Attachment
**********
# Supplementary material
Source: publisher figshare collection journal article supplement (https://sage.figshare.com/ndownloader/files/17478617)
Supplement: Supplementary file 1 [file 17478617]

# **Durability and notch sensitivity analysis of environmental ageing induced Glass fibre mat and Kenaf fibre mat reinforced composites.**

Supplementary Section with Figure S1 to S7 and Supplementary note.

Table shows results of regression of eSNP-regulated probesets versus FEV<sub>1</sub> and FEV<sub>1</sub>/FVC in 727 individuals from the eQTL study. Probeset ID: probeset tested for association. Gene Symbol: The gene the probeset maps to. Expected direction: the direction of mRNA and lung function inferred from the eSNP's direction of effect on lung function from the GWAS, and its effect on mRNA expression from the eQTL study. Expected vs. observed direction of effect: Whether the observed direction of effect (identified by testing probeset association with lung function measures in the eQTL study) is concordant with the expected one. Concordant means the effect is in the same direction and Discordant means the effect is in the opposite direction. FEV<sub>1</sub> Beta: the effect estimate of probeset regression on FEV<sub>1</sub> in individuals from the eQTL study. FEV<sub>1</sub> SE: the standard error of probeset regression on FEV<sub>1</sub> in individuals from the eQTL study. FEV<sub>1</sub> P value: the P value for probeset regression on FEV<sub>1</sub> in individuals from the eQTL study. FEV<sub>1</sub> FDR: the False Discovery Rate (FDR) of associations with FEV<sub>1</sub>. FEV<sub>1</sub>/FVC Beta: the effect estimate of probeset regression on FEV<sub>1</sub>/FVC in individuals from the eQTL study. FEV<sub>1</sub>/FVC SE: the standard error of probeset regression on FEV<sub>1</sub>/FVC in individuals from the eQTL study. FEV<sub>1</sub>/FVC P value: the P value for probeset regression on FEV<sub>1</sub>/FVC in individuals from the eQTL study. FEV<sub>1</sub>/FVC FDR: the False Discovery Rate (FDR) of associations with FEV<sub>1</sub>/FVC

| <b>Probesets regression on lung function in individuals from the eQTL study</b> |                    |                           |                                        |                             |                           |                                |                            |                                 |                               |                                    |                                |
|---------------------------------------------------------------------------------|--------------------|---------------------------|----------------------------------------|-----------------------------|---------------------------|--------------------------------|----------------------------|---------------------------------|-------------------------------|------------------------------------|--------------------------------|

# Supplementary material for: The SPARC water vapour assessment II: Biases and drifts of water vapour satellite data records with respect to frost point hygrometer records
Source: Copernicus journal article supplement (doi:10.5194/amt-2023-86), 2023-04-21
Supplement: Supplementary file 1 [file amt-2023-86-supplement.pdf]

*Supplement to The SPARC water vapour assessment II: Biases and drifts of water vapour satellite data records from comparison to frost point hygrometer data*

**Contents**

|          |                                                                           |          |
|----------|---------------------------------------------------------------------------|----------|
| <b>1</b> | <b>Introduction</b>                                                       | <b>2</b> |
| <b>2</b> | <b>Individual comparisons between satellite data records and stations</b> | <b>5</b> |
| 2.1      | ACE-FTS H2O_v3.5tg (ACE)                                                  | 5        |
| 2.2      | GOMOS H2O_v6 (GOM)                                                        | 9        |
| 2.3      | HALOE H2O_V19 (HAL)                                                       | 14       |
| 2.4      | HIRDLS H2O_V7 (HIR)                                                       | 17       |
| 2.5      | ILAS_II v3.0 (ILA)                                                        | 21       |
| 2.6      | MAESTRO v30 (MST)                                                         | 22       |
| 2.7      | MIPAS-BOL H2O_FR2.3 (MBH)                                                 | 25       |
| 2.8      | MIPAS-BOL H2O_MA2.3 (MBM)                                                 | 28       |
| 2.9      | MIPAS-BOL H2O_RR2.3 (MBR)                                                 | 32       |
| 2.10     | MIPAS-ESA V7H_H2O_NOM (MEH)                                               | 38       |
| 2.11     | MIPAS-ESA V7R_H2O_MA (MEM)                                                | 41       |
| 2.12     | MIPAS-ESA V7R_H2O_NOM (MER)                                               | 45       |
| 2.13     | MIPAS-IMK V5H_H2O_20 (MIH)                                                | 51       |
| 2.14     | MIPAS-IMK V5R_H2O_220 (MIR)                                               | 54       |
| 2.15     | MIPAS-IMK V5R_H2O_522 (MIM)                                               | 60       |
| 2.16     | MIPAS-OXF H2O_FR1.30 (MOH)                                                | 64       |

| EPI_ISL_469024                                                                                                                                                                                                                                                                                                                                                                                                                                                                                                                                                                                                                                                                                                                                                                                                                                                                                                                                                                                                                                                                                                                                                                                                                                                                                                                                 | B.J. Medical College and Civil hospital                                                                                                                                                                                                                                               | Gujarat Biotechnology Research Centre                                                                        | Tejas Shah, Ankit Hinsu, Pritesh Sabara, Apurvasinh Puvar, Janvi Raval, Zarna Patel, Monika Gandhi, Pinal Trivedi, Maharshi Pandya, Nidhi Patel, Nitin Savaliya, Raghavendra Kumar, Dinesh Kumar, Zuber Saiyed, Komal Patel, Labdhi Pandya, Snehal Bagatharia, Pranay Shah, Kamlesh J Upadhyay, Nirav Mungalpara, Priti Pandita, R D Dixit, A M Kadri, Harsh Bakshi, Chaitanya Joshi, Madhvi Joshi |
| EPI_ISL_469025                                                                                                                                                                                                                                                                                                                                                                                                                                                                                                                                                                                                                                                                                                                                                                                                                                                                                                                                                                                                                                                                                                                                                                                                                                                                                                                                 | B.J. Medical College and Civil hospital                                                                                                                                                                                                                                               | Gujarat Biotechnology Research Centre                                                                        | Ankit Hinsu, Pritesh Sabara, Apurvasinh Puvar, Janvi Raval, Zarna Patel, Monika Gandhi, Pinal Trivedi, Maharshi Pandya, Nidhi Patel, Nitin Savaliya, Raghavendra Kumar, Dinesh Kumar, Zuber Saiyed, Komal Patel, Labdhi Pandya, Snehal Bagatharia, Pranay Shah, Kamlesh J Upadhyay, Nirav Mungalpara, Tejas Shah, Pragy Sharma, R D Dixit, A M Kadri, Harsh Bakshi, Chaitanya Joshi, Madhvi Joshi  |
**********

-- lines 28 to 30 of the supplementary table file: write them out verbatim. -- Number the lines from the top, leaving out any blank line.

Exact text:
| 2.11     | MIPAS-ESA V7R_H2O_MA (MEM)                                                | 41       |
| 2.12     | MIPAS-ESA V7R_H2O_NOM (MER)                                               | 45       |
| 2.13     | MIPAS-IMK V5H_H2O_20 (MIH)                                                | 51       |